“Help me, man, I’m on the plateau!”
I’ve seen that phrase – or variations of it – countless times in posts on TalkBass.com over the last year or so. I’ve had emails from some of my subscribers too with the same complaint.
Heck, in the 90s I even proclaimed to all and sundry that I was becalmed on the plateau myself, got frustrated and stopped trying to improve my bass playing abilities for a good 10 years or so (a period I now refer to as my “wilderness years”).
So What Is The ‘Plateau.’
The plateau is the Bermuda Triangle for bass players. It’s an imaginary place where bassists who’ve reached a certain level of proficiency (and that level varies from person to person) describe they’re stuck in when they don’t seem to go any better no matter how much they practice.
And so to explain to their peers, friends and families why they’re not getting any better despite investing two, three, or four hours of practice most days of the week they shrug their shoulders and say the dreaded words: ‘I’m on the plateau.’
The sad truth is that most players could escape this plateau and start progressing in their playing again – TODAY! – if they only knew how.
So How Do You Escape The Plateau?
Before you can escape it, first you’ve got to understand it.
In his excellent book ‘Talent Is Overrated,” author Geoff Colvin introduces us to the concept of The Learning Zone, courtesy of Noel Tichy, a professor at the University of Michigan business school.
Tichy draws three concentric circles. The inner circle he calls The Comfort Zone. The middle circle is The Learning Zone. And the outer circle is The Panic Zone.
The Comfort Zone represents all those activities that we can already perform. The Learning Zone represents all the skills and activities that we are not able to perform, but that we can envisage being able to learn.
The Panic Zone represents activities that are so far beyond us that we cannot even visualize how we might possibly perform them.
And bassists stranded on ‘the plateau’ are simply people who practice without going beyond their comfort zone. This is why they’re not making any progress; because they’re practicing the wrong material.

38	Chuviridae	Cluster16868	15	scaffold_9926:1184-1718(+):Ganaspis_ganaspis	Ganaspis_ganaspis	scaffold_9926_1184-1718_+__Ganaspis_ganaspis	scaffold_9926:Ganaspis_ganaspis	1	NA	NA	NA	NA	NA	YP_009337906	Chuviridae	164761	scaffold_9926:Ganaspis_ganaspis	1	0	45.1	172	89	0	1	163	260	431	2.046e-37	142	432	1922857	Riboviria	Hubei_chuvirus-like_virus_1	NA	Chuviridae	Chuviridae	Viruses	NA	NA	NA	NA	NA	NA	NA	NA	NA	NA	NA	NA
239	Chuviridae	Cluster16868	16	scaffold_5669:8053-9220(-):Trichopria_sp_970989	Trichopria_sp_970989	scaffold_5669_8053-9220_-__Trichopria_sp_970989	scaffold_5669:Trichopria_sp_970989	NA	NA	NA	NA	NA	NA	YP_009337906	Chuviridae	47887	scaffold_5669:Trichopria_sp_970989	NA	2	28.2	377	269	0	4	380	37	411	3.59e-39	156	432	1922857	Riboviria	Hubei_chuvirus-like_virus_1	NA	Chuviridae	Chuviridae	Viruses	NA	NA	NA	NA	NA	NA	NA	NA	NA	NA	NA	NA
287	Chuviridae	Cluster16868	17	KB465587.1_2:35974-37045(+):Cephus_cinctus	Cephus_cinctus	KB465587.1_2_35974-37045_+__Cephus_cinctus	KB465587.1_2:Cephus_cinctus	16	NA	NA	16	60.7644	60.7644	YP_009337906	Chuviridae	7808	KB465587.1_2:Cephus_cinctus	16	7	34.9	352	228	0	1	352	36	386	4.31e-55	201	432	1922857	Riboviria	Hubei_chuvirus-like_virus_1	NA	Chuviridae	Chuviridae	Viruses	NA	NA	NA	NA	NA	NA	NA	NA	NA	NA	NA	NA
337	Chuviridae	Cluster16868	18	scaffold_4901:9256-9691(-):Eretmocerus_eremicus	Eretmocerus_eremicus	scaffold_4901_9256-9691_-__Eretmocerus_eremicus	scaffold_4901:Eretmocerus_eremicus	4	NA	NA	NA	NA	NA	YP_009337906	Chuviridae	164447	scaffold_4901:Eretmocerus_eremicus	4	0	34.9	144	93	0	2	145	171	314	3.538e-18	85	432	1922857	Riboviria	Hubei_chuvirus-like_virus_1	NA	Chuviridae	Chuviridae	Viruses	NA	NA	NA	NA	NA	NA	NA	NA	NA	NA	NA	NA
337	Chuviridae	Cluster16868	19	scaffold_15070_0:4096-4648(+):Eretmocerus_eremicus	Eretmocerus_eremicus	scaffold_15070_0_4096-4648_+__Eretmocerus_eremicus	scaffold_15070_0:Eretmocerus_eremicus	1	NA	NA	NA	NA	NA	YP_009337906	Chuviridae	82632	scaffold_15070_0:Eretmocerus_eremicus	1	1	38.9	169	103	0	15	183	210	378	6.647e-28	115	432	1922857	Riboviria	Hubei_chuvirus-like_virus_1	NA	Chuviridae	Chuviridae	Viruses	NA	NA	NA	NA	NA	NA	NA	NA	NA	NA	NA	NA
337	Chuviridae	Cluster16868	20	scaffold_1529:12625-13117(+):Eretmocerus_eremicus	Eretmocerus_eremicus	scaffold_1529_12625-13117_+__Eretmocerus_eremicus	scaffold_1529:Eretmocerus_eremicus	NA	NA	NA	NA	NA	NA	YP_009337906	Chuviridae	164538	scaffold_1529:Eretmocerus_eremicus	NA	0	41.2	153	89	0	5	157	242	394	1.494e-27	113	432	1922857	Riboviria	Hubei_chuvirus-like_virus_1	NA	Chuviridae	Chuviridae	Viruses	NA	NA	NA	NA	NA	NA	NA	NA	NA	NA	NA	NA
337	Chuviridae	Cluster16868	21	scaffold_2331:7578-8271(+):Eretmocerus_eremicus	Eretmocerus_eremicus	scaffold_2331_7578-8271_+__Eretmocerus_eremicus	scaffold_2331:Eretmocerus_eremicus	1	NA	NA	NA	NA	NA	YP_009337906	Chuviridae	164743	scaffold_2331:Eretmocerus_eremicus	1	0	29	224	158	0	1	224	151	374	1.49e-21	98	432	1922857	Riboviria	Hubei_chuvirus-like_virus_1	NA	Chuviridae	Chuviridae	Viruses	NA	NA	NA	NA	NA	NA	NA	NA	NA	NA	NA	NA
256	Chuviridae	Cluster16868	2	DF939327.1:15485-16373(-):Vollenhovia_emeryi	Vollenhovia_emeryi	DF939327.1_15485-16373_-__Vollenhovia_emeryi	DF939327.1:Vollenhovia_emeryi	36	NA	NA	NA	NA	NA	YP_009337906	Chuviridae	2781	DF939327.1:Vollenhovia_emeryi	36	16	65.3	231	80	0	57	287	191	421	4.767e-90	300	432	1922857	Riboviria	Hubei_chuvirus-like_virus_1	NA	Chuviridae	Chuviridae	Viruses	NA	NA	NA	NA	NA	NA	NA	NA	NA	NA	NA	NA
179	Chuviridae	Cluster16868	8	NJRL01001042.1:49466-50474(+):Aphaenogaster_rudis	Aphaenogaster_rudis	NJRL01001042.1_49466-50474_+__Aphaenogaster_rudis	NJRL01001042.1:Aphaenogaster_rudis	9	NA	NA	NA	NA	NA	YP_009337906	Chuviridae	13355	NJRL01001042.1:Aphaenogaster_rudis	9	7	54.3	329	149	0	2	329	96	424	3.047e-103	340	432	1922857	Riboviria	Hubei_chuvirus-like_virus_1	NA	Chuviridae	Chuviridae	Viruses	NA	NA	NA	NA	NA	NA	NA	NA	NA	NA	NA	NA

How Can You Move Out Of The Comfort Zone?
The first task is to identify that you’re actually in a comfort zone. If you look your practice schedule for the last few months this should be readily apparent. If the exercises you’re practicing today are the same or similar as 3 months ago – or 6 months ago – and at similar tempos, then it’s a pretty safe bet you’ve landed in the comfort zone.
Then identify what your learning zone is.
This is a skill in itself as you need to identify what skills you will need to work on, along with exercises that will help you attain those skills. Identifying your learning zone is something that you may need to do in association with a more experienced player, either a teacher or a mentor, as their greater knowledge can suggest specific exercises to direct you out of your comfort zone and into your learning zone.
What Happens When You Assimilate Something From The Learning Zone, To The Point That It Becomes Comfortable?
This is a natural part of the learning process. As your abilities increase, so your Comfort Zone expands.
So to avoid the whole plateau effect starting all over again, it’s vital to constantly assess your abilities and change your practice schedule accordingly to make sure that you’re always in the Learning Zone. If you do this you’ll always be working on exercises that will improve your playing. And you’ll always be challenging yourself in your Learning Zone – and you’ll never have to utter those dreaded words again: ‘Hey man, I’ve hit the plateau!’